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Home HortScience Novel Method Determines Plant Saline Tolerance
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ZARAGOZA, SPAIN - Salinity is an increasing problem in agriculture, often resulting in serious negative effects on the environment and crop production efforts. It is a particularly common problem in arid and semi-arid areas where evapotranspiration - evaporation of water from soil combined with transpiration of water from plants - exceeds precipitation, making irrigation necessary to meet water demands.

Looking for ways to combat salinity, improve crop yields and support agriculture in these marginal environments, scientists are seeking ways to measure and increase crop salt tolerance. Plants' response to saline environments has historically been determined by measuring characteristics such as emergence, survival, growth, and commodity yields. Salt tolerance varies among species and genotypes of plants, making evaluation of these differences cumbersome since whole plants are highly complex systems that show a variety of responses depending on the applied methodology.

Researchers in Spain have introduced a new method for determining saline tolerance they say has distinct advantages over traditional models. "We investigated a novel approach using excised roots as a simplified experimental model," explained author Pilar Andreu. "Instead of studying the effect of salt stress in whole plants or in plant parts distant from the origin of salt source, we examined the responses of isolated roots to salt stress in vitro in controlled culture conditions without the influence of substrates and microorganisms."  The study was first published in HortScience.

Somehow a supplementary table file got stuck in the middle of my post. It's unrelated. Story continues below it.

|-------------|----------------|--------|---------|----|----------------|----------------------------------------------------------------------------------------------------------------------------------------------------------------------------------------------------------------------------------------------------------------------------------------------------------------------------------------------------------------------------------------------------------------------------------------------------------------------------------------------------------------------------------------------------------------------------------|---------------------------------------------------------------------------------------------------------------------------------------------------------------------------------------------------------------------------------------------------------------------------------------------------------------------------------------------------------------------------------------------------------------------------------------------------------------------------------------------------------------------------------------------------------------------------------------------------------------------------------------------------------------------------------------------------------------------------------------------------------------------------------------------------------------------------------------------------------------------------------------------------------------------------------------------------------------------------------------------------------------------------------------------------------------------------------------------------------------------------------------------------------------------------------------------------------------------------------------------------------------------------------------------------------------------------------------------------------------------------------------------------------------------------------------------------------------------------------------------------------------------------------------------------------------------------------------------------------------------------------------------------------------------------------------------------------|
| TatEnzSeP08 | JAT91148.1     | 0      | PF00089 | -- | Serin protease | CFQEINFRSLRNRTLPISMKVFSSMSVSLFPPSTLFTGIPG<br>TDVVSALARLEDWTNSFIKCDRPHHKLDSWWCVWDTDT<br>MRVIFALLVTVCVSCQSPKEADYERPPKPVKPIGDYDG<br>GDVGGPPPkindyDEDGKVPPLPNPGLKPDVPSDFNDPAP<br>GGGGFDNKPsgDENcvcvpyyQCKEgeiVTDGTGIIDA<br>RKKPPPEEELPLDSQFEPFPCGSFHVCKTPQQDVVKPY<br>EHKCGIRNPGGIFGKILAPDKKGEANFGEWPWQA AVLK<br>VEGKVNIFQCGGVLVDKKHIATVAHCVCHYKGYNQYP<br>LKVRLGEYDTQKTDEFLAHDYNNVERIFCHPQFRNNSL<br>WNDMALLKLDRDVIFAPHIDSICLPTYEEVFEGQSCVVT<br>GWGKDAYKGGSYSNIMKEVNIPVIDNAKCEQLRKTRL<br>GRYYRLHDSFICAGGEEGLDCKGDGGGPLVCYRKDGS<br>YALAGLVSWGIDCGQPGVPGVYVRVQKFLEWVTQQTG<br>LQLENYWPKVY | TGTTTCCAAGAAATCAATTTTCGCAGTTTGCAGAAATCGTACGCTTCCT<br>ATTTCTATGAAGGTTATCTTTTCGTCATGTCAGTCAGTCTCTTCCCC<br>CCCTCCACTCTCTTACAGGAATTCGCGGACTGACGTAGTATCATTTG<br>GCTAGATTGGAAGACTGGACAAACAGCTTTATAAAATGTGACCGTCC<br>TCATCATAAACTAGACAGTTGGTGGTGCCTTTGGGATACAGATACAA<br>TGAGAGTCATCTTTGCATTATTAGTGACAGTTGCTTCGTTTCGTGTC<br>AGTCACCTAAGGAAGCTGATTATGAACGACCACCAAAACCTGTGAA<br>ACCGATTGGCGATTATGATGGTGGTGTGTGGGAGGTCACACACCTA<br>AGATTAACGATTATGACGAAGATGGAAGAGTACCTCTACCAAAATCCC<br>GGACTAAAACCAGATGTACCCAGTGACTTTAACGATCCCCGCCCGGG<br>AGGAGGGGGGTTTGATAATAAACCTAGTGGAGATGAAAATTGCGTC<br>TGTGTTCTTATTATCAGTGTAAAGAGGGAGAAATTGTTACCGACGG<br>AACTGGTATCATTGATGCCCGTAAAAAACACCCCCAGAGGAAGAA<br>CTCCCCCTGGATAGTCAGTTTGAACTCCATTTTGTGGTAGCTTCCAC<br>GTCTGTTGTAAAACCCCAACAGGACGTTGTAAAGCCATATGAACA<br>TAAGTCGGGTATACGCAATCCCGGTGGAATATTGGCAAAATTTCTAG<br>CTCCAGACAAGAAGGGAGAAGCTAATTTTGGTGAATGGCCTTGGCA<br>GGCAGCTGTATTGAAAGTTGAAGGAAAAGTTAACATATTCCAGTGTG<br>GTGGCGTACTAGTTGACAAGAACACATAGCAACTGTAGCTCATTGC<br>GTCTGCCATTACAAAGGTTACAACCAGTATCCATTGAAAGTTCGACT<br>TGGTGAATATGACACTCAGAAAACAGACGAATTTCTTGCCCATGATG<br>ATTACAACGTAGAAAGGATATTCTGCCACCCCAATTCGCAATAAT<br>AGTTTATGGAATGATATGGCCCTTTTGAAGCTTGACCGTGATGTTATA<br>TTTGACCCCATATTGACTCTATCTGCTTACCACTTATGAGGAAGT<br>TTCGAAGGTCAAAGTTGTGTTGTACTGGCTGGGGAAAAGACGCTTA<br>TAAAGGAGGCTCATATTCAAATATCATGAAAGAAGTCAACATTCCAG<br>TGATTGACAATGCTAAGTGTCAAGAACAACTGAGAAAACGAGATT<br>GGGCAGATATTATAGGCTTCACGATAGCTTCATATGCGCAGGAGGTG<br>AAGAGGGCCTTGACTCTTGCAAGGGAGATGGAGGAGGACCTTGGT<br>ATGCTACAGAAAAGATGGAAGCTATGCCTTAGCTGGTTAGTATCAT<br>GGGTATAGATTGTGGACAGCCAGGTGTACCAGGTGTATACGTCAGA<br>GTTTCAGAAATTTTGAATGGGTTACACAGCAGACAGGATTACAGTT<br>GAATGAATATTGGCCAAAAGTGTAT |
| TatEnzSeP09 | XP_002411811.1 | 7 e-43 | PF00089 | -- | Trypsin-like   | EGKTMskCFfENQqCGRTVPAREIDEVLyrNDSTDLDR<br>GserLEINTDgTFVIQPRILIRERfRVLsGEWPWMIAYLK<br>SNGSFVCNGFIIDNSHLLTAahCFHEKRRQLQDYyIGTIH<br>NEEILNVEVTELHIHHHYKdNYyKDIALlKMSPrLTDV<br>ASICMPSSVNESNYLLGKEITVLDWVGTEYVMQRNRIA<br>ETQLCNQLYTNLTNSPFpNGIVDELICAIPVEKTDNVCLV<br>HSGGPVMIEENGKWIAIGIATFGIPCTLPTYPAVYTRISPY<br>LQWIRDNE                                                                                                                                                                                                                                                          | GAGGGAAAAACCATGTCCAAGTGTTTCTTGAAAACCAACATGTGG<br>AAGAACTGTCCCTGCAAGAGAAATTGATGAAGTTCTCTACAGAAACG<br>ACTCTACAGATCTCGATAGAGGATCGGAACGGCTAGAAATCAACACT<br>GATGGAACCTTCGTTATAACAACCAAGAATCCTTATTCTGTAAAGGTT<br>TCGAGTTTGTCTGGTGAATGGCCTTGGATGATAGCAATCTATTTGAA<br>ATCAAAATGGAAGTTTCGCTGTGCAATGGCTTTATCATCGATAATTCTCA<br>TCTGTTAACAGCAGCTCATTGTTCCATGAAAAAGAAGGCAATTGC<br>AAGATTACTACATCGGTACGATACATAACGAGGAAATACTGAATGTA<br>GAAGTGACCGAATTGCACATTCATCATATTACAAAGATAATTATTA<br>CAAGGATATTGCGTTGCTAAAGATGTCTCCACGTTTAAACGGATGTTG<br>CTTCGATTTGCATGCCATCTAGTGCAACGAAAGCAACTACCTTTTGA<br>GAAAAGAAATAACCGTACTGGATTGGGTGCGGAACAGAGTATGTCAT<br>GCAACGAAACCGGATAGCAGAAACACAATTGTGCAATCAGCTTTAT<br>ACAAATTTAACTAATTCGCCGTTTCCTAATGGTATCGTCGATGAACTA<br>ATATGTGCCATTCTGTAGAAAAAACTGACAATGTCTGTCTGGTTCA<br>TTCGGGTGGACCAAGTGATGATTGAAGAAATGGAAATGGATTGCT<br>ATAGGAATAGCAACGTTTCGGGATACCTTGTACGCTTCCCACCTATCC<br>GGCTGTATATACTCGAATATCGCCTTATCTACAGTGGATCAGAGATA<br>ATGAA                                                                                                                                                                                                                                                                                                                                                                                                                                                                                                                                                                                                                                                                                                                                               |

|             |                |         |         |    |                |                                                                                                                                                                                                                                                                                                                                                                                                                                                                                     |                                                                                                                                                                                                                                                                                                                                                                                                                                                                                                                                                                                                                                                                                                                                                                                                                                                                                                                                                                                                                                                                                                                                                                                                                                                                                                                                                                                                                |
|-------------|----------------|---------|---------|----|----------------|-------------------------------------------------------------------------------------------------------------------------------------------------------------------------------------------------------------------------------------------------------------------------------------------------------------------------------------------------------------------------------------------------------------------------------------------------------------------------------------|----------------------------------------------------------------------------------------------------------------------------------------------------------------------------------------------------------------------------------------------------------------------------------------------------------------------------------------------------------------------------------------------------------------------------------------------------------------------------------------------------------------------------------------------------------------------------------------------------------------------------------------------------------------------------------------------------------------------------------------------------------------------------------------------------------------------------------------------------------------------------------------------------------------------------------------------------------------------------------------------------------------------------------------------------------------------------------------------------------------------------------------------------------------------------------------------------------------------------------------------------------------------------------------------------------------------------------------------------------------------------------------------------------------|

Excised root cultures were grown in vitro under increasing salt concentrations (0, 20, 60, and 180 mM). Root tips taken from in vitro-rooted shoots of Prunus species with different salt tolerance were measured after three weeks of culture in a shaker, and changes in their anatomy were examined.

"Both growth and starch content of in vitro root cultures were affected by salt concentration. Root length increments were related to salt stress tolerance at 60mM NaCl, in which significant differences were also found between species," the study reported. The results also showed a significant inverse correlation between salt tolerance and starch accumulation in the maturation zone of root tips.

"Our results showed that excised root culture could be a useful model to study tolerance to salt stress in Prunus species. We found that the degree of tolerance to salt stress shown in root cultures was consistent with previous findings in related genotypes in whole plant studies," Andreu explained, adding that the new method has the advantage of being simple, reproducible, and rapid.


The complete study and abstract are available on the ASHS HortScience electronic journal web site:

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Original Article:

Early Detection of Salt Stress Tolerance of Prunus Rootstocks by Excised Root Culture
Pilar Andreu, Arancha Arbeloa, Pilar Lorente, and Juan A. Marín
HortScience 46:80–85. [Abstract] [Full Text] [PDF]

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